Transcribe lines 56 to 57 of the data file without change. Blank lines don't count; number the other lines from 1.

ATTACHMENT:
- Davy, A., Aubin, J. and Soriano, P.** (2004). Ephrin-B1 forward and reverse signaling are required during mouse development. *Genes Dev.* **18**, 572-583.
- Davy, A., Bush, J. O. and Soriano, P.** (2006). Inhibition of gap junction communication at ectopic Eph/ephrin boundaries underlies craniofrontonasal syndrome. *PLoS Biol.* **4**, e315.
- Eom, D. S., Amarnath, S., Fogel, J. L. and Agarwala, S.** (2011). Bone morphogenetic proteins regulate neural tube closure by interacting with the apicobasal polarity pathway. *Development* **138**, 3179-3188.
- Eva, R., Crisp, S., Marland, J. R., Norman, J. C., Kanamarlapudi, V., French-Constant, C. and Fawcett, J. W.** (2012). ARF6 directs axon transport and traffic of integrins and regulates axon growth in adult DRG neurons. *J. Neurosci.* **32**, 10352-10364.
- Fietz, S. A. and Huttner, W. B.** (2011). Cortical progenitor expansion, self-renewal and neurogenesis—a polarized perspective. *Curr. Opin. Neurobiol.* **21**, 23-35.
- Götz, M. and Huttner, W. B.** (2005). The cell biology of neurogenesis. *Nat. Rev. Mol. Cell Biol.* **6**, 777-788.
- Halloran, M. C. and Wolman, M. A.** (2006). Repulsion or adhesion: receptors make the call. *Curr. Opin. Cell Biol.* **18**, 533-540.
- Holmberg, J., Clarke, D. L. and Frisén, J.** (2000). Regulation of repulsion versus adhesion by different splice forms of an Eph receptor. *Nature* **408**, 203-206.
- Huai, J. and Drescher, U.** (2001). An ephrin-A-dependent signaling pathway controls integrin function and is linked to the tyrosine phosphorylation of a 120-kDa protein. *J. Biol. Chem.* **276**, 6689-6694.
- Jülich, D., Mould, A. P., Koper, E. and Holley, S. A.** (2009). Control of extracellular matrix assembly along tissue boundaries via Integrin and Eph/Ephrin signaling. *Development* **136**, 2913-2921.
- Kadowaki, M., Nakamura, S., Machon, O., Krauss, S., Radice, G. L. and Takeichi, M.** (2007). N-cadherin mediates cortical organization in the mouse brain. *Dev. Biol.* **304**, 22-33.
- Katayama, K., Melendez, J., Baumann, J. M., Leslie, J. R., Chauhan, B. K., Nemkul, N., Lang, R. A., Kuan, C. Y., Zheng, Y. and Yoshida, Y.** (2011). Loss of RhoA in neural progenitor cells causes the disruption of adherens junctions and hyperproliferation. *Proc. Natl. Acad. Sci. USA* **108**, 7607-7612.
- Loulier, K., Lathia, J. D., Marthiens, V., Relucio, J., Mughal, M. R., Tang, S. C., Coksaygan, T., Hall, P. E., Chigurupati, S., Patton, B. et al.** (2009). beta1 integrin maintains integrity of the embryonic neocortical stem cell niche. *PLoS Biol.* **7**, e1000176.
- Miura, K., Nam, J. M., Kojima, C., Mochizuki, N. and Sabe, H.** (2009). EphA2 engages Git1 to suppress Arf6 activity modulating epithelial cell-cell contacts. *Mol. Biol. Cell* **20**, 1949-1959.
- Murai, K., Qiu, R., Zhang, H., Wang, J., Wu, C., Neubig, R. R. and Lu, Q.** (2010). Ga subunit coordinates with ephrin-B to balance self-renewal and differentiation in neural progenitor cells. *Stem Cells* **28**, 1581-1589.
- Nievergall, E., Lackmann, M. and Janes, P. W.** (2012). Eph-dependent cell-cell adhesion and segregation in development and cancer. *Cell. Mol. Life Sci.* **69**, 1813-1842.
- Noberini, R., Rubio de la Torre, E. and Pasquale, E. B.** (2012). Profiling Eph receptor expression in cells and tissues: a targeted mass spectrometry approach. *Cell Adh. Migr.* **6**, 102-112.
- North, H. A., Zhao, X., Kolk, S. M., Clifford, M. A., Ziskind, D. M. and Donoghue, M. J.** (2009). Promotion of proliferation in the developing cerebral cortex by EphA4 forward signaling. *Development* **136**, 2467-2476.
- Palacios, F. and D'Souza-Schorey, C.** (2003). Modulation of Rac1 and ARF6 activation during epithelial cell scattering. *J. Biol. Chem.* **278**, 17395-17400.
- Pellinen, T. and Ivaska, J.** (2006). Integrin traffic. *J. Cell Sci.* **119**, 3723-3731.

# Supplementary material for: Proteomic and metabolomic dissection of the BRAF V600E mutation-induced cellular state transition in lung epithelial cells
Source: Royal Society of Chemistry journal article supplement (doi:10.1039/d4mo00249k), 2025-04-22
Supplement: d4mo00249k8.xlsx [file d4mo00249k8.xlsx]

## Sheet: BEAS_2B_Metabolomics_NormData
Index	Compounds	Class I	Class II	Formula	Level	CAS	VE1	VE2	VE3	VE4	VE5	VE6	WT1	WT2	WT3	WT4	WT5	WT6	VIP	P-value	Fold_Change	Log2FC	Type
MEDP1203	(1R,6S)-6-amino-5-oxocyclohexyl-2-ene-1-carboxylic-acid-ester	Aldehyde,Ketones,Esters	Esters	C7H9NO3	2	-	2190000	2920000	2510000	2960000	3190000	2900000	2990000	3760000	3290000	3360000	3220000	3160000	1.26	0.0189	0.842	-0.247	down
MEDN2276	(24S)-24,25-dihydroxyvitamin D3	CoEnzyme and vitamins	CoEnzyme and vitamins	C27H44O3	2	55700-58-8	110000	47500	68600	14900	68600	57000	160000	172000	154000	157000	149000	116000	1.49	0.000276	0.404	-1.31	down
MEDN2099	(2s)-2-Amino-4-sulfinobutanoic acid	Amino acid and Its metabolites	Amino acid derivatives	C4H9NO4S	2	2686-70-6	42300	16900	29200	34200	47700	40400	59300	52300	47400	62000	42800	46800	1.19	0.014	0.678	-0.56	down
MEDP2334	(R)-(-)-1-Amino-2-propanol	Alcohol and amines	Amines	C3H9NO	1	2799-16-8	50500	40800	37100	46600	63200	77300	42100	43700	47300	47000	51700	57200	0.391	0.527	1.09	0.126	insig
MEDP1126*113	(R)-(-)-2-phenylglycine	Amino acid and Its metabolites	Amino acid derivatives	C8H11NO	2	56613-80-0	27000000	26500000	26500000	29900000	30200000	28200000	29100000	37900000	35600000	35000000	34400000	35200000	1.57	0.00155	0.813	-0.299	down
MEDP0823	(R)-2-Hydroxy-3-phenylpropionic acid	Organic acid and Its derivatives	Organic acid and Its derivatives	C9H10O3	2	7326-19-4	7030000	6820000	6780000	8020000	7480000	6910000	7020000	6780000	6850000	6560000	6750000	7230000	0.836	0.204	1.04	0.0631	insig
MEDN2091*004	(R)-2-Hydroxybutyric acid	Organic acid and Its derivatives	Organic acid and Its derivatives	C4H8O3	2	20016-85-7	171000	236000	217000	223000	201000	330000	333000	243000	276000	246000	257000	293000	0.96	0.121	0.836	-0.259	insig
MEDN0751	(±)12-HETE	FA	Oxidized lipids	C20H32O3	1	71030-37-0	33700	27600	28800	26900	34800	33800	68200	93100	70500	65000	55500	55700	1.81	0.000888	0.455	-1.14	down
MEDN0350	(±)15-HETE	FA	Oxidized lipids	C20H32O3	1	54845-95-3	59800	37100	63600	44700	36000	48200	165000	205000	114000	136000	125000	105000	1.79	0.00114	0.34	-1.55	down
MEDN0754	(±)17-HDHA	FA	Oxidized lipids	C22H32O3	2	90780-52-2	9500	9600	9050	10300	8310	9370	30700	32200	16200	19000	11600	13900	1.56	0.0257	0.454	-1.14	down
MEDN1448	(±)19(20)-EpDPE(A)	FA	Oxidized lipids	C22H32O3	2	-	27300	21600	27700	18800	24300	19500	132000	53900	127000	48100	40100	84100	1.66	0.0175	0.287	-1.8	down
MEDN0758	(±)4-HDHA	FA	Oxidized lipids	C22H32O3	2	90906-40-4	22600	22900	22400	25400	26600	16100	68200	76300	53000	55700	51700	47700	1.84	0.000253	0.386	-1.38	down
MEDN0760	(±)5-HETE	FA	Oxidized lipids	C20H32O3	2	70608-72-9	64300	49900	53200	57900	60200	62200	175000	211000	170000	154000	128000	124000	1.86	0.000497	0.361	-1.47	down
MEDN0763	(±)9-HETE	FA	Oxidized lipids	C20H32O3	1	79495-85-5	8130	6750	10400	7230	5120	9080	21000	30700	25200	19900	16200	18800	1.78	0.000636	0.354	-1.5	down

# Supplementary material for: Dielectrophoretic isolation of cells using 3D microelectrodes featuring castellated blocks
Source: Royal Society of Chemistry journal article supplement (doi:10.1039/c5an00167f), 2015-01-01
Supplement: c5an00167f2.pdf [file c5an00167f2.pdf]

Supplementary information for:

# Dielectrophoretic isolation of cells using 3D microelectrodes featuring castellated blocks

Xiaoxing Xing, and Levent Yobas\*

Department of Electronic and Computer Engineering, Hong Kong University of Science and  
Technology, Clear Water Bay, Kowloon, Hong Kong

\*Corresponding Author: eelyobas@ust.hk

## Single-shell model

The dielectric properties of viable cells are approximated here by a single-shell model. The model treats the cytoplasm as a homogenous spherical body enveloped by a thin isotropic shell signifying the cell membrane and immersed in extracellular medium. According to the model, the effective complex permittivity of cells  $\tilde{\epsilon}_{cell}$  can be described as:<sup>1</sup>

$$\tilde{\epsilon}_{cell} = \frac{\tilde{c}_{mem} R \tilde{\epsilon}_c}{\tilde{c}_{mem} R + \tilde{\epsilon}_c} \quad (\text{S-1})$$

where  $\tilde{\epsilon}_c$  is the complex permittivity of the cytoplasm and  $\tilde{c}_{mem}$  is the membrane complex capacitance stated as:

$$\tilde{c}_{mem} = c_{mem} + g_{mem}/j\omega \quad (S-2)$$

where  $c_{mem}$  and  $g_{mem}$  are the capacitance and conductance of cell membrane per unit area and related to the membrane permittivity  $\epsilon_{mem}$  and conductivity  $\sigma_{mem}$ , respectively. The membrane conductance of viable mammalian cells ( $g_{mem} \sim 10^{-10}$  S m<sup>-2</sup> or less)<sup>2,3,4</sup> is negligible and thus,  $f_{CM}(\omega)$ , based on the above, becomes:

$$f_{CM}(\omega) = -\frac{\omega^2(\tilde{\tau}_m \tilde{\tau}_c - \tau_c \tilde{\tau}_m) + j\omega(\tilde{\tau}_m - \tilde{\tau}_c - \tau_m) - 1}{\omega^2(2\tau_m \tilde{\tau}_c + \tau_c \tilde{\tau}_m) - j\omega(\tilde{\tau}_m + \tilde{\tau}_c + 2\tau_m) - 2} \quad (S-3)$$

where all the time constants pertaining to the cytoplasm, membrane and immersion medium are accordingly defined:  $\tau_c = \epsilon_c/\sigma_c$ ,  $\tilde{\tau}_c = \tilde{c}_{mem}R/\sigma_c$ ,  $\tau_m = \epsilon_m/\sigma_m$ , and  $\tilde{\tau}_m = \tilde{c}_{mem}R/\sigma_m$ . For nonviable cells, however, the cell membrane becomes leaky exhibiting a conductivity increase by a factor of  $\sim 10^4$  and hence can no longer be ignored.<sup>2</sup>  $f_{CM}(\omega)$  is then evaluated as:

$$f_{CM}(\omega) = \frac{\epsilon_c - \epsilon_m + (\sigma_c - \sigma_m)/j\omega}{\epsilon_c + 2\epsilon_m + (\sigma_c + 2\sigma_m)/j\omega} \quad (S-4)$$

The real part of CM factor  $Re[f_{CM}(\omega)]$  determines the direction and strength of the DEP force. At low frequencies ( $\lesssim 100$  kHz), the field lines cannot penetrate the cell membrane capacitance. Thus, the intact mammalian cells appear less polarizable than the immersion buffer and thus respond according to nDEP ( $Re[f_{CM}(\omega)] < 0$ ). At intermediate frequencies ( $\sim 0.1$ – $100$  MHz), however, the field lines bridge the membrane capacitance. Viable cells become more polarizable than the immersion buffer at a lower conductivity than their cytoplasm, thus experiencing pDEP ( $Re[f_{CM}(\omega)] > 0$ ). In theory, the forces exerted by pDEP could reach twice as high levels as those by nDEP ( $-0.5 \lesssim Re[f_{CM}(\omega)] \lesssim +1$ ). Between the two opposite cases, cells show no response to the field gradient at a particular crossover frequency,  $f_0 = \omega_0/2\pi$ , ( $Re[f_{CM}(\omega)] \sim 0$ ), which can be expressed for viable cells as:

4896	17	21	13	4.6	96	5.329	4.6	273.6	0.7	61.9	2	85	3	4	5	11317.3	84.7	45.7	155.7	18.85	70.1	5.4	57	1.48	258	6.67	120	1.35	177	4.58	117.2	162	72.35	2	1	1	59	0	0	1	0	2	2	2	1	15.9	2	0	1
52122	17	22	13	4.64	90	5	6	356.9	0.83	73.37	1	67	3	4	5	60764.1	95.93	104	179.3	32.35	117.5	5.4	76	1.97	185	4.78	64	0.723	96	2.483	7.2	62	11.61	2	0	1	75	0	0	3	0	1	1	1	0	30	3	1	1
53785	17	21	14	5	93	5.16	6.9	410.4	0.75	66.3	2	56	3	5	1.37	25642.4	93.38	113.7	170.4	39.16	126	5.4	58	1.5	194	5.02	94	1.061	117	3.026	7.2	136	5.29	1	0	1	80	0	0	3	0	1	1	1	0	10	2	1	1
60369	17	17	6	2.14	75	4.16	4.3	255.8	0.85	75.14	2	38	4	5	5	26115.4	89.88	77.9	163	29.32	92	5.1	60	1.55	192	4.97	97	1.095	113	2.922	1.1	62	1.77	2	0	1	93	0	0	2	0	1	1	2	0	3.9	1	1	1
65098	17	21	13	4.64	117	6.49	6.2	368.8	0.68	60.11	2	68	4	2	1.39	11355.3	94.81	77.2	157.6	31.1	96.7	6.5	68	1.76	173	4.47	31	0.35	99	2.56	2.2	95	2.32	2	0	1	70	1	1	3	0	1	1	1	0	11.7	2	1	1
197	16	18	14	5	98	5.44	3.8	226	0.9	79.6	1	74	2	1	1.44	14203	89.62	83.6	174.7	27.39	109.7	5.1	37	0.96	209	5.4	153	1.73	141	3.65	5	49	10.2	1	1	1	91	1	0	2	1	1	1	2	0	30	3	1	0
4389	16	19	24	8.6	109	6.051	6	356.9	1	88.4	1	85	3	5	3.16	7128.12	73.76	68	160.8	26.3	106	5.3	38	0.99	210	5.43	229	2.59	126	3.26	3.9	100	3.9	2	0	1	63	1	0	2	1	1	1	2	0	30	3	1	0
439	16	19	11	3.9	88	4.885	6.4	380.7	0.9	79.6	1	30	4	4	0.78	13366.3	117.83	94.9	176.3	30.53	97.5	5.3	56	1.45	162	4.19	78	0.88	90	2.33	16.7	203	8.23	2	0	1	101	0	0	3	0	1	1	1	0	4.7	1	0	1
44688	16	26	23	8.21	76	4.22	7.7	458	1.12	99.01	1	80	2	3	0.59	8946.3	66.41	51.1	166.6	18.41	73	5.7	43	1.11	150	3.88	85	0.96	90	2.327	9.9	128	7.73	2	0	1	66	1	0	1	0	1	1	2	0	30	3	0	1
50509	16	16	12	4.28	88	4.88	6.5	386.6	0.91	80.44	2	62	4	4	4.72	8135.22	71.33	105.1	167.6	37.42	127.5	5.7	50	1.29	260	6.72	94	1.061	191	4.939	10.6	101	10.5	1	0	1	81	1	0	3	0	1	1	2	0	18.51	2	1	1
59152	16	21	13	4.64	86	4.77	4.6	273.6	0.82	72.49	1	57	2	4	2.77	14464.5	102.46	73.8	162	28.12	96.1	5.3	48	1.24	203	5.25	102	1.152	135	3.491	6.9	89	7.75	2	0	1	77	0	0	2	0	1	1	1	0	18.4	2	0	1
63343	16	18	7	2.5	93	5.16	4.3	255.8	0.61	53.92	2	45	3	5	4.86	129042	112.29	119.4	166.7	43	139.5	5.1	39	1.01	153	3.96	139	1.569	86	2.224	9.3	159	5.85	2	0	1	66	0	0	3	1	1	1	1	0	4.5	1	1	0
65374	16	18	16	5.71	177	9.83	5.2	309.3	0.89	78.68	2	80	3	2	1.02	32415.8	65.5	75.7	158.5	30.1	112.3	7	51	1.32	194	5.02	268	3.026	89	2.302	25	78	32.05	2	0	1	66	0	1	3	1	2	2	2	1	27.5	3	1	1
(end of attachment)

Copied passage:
where all the time constants pertaining to the cytoplasm, membrane and immersion medium are accordingly defined:  $\tau_c = \epsilon_c/\sigma_c$ ,  $\tilde{\tau}_c = \tilde{c}_{mem}R/\sigma_c$ ,  $\tau_m = \epsilon_m/\sigma_m$ , and  $\tilde{\tau}_m = \tilde{c}_{mem}R/\sigma_m$ . For nonviable cells, however, the cell membrane becomes leaky exhibiting a conductivity increase by a factor of  $\sim 10^4$  and hence can no longer be ignored.<sup>2</sup>  $f_{CM}(\omega)$  is then evaluated as:

$$f_{CM}(\omega) = \frac{\epsilon_c - \epsilon_m + (\sigma_c - \sigma_m)/j\omega}{\epsilon_c + 2\epsilon_m + (\sigma_c + 2\sigma_m)/j\omega} \quad (S-4)$$